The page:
Experts say that cost-cutting shortcuts have long dogged the construction industry in Taiwan
TAIPEI, Taiwan (Feb. 11, 2016) — As rescuers continue the grim task of digging bodies from the rubble of an apartment complex that collapsed in a Taiwan earthquake, anger is growing over the shoddy construction of the building and the island’s questionable safety record.
The Wei-kuan building was the only high-rise to crumble completely in the 6.4 magnitude earthquake that shook the southern city of Tainan before dawn Saturday, February 6, with 55 confirmed dead so far, mostly from the complex.
More than 80 residents remain buried in the ruins and the chances of finding survivors are slim.
Prosecutors say there were “flaws” in the building as they question the developer and two associates on charges of professional negligence resulting in death.
Distraught relatives of residents told Agence France-Presse they had complained over cracks in the walls of the building. Pictures from the disaster site show tin cans and foam were used as fillers inside the concrete.
Experts say that cost-cutting shortcuts have long dogged the construction industry in Taiwan.
“Because of competition, for a long period of time, the local construction industry has not been well managed,” said Chern Jenn-chuan, civil engineering professor at National Taiwan University.
The disaster has struck a nerve with the public, increasingly embittered by a string of disasters, from food safety scandals to a water park explosion that left 15 dead.
“So-called competitiveness in Taiwan is all cost-oriented, so this kind of situation isn’t a surprise at all,” said a post on Taiwan’s popular PTT online forum after the building collapse.
“They just collect the money and it’s not their responsibility anymore,” another user commented.
Prosecutors said there were too few steel reinforcing bars in parts of the building, and that the developer may have used a borrowed licence for the construction of the property.
Engineers helping at the rescue site added that some walls many have been knocked down on the ground floor, which housed part of a multi-storey electronics store.
“Apparently in this case, there were indeed flaws in the construction of the building,” a court statement said Wednesday.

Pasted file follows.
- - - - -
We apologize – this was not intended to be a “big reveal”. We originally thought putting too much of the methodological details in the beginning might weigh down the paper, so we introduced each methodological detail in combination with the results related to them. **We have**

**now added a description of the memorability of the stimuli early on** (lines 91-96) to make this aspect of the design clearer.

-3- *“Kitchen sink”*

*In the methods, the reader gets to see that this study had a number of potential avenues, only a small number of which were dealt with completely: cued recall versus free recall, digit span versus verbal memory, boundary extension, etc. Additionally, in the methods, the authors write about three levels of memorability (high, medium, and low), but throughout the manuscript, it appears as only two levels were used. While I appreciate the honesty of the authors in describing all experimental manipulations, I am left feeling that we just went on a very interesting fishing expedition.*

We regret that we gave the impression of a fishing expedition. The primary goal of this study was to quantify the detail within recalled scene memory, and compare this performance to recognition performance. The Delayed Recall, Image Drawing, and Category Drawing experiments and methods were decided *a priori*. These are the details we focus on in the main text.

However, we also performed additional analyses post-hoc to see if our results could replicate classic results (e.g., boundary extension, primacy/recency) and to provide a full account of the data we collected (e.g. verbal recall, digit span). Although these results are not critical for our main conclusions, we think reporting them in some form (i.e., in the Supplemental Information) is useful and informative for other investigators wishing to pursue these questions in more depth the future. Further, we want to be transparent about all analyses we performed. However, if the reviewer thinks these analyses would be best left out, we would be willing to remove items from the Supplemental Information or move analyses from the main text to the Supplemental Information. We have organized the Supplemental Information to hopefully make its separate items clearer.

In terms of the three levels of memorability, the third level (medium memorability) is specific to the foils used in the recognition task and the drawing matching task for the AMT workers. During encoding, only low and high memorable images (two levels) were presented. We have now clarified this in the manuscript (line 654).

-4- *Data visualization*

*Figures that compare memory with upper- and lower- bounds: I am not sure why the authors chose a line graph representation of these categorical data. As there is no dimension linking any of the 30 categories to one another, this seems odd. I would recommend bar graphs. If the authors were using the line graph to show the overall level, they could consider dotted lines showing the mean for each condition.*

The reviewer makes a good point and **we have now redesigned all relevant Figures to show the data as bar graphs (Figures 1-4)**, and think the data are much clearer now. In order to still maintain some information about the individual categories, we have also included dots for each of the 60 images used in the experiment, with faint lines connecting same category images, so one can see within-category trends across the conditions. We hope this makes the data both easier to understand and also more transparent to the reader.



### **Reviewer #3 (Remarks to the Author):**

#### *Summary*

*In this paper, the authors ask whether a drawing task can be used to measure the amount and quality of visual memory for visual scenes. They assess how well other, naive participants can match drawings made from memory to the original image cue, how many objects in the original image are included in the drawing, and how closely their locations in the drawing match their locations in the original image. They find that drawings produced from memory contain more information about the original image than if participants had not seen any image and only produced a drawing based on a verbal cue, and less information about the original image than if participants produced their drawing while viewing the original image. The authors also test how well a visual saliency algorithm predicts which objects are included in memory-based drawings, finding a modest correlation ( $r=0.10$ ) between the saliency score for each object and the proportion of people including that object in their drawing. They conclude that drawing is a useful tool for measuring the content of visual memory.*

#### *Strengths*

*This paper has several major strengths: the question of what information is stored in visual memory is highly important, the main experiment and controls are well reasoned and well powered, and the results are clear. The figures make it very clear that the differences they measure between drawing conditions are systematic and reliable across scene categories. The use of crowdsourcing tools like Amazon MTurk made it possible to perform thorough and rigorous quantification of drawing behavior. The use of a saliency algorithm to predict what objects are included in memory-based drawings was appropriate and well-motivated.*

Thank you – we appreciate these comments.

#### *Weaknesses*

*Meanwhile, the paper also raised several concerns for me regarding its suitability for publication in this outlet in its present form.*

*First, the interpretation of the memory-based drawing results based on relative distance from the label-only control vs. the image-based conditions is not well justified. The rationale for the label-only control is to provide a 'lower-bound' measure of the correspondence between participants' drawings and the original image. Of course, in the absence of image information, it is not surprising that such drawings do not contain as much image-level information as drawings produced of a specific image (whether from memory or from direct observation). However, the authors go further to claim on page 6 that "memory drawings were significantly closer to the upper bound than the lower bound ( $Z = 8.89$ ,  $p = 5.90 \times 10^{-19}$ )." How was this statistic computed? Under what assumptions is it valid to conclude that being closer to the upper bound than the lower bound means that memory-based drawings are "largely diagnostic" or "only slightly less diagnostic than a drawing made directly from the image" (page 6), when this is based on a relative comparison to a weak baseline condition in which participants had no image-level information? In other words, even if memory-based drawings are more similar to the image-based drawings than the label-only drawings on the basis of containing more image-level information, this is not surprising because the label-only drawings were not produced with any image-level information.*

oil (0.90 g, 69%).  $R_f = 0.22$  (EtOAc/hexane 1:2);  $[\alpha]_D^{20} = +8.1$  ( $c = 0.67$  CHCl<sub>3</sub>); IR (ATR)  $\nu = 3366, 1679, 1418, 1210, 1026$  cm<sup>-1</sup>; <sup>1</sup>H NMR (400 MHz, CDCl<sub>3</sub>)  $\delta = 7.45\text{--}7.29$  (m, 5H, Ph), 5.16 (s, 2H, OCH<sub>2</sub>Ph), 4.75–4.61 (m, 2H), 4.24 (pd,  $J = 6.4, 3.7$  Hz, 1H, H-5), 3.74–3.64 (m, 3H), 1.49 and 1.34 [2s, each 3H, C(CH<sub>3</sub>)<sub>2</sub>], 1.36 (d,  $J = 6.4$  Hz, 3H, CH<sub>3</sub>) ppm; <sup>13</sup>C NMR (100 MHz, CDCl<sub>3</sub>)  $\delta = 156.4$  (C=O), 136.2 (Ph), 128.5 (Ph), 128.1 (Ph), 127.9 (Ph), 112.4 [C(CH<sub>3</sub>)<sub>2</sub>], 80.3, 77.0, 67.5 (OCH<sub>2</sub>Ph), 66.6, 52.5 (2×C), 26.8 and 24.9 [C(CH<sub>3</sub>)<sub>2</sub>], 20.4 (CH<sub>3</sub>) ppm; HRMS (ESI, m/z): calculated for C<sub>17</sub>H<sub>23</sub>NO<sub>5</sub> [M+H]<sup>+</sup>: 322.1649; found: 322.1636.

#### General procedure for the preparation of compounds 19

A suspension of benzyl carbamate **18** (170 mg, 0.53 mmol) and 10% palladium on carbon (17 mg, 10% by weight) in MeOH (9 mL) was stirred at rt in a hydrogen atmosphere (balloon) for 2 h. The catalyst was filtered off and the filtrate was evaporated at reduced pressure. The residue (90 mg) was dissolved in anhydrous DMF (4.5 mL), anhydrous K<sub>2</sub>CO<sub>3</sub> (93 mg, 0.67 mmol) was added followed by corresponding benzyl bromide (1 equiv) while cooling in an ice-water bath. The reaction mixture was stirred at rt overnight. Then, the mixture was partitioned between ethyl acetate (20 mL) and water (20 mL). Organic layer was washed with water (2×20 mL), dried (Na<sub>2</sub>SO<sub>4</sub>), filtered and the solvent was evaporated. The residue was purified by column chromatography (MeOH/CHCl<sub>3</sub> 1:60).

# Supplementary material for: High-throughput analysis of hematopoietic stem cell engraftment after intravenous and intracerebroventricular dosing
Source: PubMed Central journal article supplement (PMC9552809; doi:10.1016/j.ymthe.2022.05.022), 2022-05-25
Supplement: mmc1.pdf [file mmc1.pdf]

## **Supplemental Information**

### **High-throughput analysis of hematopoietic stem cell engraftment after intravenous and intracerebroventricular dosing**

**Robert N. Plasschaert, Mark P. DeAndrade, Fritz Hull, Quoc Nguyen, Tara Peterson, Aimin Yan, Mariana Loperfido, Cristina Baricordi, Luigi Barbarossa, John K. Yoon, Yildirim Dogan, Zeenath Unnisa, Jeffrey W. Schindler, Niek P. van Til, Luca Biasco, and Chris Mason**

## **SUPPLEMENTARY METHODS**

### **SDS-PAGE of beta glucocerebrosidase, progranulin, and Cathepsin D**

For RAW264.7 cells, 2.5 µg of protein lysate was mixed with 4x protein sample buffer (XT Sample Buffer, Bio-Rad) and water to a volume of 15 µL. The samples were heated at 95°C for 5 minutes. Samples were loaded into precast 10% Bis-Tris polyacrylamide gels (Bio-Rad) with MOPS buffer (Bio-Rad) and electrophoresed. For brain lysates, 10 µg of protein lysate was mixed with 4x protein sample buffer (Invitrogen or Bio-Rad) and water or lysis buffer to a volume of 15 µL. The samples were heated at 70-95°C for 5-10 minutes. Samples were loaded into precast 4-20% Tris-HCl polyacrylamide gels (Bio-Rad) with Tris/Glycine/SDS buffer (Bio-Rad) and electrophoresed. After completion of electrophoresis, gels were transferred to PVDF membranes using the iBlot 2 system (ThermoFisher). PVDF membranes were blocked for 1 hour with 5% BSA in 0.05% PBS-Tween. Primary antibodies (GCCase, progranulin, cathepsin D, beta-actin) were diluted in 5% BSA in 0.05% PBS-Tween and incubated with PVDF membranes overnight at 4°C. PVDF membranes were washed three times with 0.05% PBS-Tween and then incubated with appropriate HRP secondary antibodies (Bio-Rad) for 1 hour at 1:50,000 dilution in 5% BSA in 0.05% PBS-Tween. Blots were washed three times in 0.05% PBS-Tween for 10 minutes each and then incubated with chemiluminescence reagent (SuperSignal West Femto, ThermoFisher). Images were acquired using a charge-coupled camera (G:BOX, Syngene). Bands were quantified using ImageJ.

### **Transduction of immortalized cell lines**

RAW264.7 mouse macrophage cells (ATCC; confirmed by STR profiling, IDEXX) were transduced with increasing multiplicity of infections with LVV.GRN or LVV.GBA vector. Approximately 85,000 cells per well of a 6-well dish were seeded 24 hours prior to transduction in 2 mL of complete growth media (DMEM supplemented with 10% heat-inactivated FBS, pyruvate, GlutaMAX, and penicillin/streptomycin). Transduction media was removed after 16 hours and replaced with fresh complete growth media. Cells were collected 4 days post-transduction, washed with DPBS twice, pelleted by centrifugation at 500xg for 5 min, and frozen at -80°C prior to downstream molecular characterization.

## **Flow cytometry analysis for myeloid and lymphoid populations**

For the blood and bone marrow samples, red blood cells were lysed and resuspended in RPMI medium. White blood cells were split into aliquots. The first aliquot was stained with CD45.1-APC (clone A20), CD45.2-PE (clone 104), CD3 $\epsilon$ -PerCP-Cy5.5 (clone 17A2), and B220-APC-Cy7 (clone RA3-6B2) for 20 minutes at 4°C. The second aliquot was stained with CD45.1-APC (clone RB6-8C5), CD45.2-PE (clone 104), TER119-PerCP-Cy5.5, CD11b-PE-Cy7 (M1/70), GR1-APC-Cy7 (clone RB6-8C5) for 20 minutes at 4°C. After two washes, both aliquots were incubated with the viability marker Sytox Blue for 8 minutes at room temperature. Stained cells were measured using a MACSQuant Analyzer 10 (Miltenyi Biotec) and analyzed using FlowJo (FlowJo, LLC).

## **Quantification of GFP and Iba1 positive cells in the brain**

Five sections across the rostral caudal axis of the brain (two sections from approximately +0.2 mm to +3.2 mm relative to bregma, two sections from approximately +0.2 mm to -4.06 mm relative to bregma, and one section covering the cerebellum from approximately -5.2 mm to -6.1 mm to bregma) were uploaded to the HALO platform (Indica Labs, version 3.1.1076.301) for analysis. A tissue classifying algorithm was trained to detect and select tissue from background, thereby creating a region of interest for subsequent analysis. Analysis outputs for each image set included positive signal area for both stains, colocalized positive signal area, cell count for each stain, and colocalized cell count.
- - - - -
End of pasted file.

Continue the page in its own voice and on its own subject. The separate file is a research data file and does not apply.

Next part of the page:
The Wei-kuan building had 96 apartments and was completed in 1994, before a new building code was brought in following a devastating earthquake that left 2,400 people dead in 1999.
Professor Chern said the disaster, which brought down buildings across the island, had led to better safety measures and awareness among developers.
“Many people now understand the grave responsibilities,” he told Agence France-Presse, adding the number of safety breaches had dropped.
The revised building code put in stricter requirements to make structures more quake-proof, including increasing the number and resilience of reinforcing bars.
But Max Lo, former president of the Taiwan Engineering and Science Association, says while newer buildings are structurally sound, not enough has been done about the ones built before 1999.
“Each county had identified the most notable at-risk buildings in its area, but they still haven’t all been dealt with,” he told Agence France-Presse.
“Just because a building doesn’t collapse after a quake, that doesn’t mean it’s okay,” he added.
“It needs regular check-ups, like a human body. The government needs a complete set of policies to deal with such older, or higher-risk buildings as soon as possible.”
The island’s President-elect Tsai Ing-wen, who will take office in May, said she would prioritize building safety and review the resistance of older buildings to quakes and other disasters.
Meanwhile, the public is calling for maximum punishment for the developers – particularly after skepticism over previous safety scandal cases.
Last year, food tycoon Wei Ying-chung was acquitted on charges of selling tainted cooking oil, prompting protests over his release.
There was also outrage when only one person was indicted after an explosion at a water park killed 15 and injured hundreds when clouds of multi-colored corn starch sprayed on revelers ignited due to heat from the stage lights.
Victims have demanded prosecutors reopen the probe into that accident.
“I hope these black-hearted developers all get death sentences,” said one PTT forum user in response to the Wei-kuan disaster.
“They killed so many people just for the sake of making money.”